California Supreme Court Holds That Circumstantial Evidence of Intoxication May Be Considered In DUI Hearings

california supreme court holds that circumstantial evidence of intoxication may be considered in dui hearings

A driver was pulled over in Orange County by the CHP when the officer observed her car swerving erratically. Upon contacting the driver, the officer observed indications that she had been drinking alcohol. The officer performed various field sobriety tests on the driver, the result of which further indicated to the officer that the driver was under the influence of alcohol. The driver was placed under arrest and it was determined by a breath test that she had a blood alcohol level near the threshold legal limit of .08%. A later blood draw indicated a blood alcohol level slightly over the limit at .096%.

She exercised her option to have a DMV Administrative Per Se Hearing to challenge the automatic suspension of her driver license. At the hearing, an expert testified on her behalf. According to the expert, the blood alcohol tests suggested that here blood alcohol level was rising and that at the time of the stop, her blood alcohol level was not at the legal limit of .08%. The expert’s testimony is technical and not relevant for purposes here. Suffice it to say that the gist of the driver’s argument was that she introduced evidence of a fact that rebutted the presumption that she was driving under the influence but the administrative hearing officer and the trial court discounted that evidence (the expert’s testimony) in part by relying on the reports made by the CHP officers who stopped her. The Supreme Court was ultimately tasked with deciding whether the trial court erred by considering the circumstantial evidence established by the officers’ reports of their observations. On April 6, 2015, the Supreme Court issued its ruling where it held that the trial court did not err.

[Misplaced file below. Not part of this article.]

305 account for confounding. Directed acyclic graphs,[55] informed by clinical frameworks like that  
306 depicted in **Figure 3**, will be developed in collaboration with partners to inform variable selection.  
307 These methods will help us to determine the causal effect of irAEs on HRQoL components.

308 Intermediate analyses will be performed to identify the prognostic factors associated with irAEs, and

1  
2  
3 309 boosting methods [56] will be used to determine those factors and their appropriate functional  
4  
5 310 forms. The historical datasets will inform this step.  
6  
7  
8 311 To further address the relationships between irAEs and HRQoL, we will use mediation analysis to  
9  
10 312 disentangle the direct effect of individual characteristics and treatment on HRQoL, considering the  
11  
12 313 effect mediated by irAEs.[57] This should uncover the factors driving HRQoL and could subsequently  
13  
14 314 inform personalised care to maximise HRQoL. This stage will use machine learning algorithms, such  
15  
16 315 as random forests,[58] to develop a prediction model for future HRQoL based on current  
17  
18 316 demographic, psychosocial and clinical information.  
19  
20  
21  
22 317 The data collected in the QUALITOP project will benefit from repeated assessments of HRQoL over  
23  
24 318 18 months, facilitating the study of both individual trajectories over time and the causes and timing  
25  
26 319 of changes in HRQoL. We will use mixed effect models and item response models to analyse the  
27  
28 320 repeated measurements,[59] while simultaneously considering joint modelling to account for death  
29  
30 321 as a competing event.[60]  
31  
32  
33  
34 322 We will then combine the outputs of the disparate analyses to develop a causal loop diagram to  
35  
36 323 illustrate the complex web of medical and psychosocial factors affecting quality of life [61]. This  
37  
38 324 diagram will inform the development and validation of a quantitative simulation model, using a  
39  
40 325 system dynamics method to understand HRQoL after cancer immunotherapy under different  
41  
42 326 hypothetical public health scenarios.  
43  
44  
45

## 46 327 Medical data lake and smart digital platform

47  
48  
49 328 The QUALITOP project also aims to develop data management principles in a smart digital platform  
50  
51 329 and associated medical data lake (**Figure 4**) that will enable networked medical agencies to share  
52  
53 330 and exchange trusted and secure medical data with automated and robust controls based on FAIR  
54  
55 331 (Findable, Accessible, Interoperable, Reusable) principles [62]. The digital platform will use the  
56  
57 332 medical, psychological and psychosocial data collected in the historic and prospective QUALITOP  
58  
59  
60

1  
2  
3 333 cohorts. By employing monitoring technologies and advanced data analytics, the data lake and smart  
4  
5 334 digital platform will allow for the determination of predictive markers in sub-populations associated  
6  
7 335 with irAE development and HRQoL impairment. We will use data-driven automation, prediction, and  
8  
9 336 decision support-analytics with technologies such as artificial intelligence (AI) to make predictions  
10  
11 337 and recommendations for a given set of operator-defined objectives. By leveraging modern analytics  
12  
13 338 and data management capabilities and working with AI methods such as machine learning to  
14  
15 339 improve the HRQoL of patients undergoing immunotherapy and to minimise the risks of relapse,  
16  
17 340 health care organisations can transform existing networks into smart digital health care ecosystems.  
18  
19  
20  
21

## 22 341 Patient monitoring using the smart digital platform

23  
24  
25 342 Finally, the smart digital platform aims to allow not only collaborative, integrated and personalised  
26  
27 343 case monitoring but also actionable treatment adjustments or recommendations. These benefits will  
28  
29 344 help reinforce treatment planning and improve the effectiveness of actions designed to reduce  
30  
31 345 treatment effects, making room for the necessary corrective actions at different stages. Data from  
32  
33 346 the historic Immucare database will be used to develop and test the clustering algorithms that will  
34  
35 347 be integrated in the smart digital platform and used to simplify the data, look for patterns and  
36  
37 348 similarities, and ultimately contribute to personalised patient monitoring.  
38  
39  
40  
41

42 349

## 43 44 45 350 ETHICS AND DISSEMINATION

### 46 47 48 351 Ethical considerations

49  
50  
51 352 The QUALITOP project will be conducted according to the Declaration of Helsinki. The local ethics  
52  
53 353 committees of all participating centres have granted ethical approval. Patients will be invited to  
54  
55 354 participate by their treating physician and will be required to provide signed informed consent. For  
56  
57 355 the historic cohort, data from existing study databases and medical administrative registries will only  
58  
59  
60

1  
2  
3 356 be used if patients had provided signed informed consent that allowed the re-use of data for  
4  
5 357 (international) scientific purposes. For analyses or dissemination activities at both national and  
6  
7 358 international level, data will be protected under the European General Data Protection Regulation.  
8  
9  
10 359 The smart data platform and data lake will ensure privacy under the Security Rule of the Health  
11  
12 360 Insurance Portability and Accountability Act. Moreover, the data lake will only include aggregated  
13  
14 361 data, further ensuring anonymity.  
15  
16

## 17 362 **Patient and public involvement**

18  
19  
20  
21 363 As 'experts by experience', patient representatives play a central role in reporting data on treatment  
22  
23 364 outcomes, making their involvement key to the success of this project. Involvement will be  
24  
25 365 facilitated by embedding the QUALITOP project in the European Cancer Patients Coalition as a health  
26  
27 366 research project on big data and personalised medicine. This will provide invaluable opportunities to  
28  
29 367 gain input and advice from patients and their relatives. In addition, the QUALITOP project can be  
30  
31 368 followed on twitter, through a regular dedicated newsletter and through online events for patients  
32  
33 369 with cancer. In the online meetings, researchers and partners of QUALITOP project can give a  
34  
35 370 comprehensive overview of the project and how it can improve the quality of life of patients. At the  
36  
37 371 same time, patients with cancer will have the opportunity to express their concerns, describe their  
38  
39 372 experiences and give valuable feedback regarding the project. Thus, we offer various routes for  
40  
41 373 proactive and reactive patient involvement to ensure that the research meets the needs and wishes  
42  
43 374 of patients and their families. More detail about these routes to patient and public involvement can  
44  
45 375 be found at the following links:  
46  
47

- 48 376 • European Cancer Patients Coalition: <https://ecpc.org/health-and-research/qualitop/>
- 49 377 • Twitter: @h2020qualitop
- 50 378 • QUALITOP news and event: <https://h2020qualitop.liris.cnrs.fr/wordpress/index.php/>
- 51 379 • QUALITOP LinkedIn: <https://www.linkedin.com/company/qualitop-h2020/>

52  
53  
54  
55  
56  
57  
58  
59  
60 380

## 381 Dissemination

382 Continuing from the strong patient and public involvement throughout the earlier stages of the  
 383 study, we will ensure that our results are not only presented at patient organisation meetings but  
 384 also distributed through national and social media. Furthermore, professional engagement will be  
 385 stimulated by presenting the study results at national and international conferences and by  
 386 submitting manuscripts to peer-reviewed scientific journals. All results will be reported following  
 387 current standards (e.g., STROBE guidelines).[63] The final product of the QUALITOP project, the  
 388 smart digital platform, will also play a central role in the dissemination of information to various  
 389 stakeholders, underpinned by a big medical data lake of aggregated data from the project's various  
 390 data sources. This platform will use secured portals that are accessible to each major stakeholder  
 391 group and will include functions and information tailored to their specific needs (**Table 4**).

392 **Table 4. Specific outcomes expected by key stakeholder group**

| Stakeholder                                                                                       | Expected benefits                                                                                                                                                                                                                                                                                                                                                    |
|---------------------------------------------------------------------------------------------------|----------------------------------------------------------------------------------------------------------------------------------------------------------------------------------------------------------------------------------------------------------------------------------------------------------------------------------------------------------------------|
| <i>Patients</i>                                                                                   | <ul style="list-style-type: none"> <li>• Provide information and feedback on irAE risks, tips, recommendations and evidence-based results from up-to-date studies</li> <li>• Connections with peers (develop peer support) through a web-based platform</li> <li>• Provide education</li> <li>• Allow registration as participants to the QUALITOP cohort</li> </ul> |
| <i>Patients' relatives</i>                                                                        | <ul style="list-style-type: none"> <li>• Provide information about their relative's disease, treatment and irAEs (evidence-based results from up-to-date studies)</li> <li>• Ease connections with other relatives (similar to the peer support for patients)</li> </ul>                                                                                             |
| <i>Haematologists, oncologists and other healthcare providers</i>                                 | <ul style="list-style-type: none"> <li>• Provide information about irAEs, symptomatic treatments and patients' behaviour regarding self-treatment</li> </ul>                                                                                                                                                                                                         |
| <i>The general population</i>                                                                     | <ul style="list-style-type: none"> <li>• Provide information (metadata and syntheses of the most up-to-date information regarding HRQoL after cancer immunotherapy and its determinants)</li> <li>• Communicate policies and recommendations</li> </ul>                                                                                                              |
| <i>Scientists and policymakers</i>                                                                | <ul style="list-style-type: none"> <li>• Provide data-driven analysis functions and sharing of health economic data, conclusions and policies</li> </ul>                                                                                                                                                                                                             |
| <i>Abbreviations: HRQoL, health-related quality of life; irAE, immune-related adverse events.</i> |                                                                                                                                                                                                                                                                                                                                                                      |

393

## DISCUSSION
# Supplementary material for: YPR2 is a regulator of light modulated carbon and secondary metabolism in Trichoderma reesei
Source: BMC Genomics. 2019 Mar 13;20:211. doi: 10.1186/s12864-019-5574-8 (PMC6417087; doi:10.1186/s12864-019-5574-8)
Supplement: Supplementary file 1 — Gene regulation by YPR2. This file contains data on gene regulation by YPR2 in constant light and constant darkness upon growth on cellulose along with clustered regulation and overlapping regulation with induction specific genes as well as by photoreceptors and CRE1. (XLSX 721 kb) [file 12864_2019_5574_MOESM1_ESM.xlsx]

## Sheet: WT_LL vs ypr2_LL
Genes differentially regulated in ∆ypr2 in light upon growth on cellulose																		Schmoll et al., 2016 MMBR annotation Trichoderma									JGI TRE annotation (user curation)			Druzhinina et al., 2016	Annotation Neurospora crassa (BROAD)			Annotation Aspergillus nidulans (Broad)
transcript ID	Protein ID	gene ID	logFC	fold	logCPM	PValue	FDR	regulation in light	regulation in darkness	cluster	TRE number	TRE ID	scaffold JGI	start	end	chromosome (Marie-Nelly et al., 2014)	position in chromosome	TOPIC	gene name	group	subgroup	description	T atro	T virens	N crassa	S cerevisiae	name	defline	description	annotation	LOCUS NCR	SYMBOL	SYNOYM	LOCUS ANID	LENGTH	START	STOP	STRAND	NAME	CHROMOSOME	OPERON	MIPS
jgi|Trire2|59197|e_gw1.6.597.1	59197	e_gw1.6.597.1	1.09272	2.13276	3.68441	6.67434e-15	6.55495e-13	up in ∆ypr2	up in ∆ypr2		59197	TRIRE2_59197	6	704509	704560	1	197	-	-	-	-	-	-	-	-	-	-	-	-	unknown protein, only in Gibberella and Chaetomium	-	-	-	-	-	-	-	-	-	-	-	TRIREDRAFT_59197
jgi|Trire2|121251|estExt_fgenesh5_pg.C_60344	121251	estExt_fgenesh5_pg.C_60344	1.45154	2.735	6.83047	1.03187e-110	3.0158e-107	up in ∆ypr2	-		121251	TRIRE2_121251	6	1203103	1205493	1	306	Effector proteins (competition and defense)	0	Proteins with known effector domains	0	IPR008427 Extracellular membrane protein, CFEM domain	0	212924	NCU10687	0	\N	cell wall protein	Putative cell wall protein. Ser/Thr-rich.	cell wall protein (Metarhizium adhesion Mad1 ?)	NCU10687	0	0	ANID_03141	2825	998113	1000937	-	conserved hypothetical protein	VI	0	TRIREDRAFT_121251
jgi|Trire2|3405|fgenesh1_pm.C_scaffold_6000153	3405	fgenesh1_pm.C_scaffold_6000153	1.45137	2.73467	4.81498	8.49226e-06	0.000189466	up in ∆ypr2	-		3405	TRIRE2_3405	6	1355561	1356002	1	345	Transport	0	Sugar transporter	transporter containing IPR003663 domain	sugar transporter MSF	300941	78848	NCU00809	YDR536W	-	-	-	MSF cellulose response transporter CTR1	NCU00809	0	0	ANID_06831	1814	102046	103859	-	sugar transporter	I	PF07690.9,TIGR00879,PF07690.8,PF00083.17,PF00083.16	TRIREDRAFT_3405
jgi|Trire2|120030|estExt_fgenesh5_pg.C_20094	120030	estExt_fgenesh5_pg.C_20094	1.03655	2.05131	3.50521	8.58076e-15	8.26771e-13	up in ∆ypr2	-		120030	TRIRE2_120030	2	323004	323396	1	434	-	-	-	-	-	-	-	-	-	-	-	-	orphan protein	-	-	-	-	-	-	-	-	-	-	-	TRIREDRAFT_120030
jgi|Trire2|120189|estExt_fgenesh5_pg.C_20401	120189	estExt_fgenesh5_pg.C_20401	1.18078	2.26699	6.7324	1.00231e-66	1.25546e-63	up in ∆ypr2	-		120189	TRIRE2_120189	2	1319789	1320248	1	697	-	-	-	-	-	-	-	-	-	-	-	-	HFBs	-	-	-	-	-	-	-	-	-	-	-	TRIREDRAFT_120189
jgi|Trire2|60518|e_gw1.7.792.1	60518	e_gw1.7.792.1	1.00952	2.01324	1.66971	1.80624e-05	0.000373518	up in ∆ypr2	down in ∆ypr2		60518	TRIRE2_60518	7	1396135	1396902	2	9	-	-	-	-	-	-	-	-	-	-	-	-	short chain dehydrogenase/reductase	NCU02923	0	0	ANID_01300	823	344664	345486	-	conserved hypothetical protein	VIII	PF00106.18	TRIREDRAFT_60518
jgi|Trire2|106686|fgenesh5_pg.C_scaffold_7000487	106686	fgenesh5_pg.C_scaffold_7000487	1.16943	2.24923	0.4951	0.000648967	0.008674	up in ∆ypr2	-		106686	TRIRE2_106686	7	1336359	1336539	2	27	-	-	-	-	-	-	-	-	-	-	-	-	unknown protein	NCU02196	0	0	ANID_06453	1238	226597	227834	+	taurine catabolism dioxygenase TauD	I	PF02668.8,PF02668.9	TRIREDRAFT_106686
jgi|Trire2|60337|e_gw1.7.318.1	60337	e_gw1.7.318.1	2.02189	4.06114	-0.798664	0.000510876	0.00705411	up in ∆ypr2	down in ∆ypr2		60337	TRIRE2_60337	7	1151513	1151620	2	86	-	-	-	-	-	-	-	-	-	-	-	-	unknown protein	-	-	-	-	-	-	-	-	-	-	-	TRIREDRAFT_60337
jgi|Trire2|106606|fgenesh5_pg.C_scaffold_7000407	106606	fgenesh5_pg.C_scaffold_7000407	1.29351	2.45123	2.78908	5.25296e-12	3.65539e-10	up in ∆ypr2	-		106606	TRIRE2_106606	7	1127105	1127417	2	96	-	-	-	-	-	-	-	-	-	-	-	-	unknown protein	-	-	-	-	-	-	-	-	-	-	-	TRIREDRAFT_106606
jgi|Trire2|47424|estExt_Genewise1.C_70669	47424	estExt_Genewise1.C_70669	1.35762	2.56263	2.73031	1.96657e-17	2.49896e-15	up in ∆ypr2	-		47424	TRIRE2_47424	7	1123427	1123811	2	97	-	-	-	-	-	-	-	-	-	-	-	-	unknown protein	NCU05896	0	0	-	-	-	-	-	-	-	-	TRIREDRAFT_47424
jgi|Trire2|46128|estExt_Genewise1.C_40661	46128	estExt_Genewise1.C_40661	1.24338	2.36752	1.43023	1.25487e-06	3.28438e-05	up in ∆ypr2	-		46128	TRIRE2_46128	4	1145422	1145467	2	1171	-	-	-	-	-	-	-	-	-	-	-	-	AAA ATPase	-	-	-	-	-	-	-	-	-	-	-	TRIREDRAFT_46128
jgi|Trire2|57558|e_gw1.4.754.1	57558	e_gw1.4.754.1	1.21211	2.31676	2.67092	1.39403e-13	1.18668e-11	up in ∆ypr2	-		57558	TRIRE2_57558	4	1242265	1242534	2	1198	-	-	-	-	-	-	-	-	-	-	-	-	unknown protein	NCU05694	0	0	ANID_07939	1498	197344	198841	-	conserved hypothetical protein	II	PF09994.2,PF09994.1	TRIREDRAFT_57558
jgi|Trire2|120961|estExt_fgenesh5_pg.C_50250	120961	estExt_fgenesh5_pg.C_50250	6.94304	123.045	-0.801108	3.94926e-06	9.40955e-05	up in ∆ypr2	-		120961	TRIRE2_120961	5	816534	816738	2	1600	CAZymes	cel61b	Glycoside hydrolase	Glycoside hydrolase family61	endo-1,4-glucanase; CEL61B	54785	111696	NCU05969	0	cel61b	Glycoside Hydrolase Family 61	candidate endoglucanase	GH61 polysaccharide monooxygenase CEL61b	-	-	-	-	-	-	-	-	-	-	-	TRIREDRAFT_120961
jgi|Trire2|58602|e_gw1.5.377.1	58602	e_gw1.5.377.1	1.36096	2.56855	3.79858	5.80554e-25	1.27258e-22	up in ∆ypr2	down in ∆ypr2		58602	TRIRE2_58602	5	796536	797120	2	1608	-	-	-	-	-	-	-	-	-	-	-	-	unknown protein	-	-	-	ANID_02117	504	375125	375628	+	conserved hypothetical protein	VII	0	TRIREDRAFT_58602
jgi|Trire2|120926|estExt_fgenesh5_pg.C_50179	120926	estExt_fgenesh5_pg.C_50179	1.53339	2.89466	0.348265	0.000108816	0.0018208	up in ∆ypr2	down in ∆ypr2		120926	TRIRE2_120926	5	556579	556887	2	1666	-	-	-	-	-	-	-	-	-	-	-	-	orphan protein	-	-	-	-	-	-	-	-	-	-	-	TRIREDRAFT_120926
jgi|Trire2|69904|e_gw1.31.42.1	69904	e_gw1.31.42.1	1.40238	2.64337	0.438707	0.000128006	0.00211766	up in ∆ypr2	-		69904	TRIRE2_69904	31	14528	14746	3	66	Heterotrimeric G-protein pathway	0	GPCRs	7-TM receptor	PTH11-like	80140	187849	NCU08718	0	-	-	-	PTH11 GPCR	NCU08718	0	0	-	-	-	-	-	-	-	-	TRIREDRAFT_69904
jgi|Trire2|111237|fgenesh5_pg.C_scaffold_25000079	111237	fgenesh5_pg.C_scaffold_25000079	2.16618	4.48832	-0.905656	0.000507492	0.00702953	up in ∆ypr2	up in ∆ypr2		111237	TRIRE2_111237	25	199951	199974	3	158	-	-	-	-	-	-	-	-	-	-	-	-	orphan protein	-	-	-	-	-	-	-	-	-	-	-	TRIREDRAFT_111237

While the Supreme Court held that the circumstantial evidence was relevant and admissible, the Supreme Court also cautioned that its decision does not give carte blanche to DMV hearing officers or the trial court to discount expert testimony.

The legal ramifications of this case could help or hurt some drivers arrested for DUI. Some defense attorneys fear the case will open the doors for abuse. These attorneys caution that the decision gives wide latitude to arresting officers to establish evidence in cases where the driver’s blood alcohol level results are at or close to the legal threshold limit of .08%. Other attorneys believe that this might help drivers who test near the threshold limit. Drivers who, for example, test right at .08% but perform well on field sobriety tests and don’t otherwise exhibit circumstantial evidence of intoxication can use that evidence to argue that they were not driving under the influence.

If you are arrested for driving under the influence and your blood alcohol level registers near the threshold level of .08%, you have a very good chance of defeating the charge if other circumstantial evidence does not indicate you were driving under the influence. But if you try to defend this on your own, you can be pretty sure that the DMV and the trial court will render a decision based on the blood alcohol level alone. You will greatly improve your chances if you have an experienced DUI attorney representing you who knows the ins and outs of rebutting the presumption of of driving under the influence.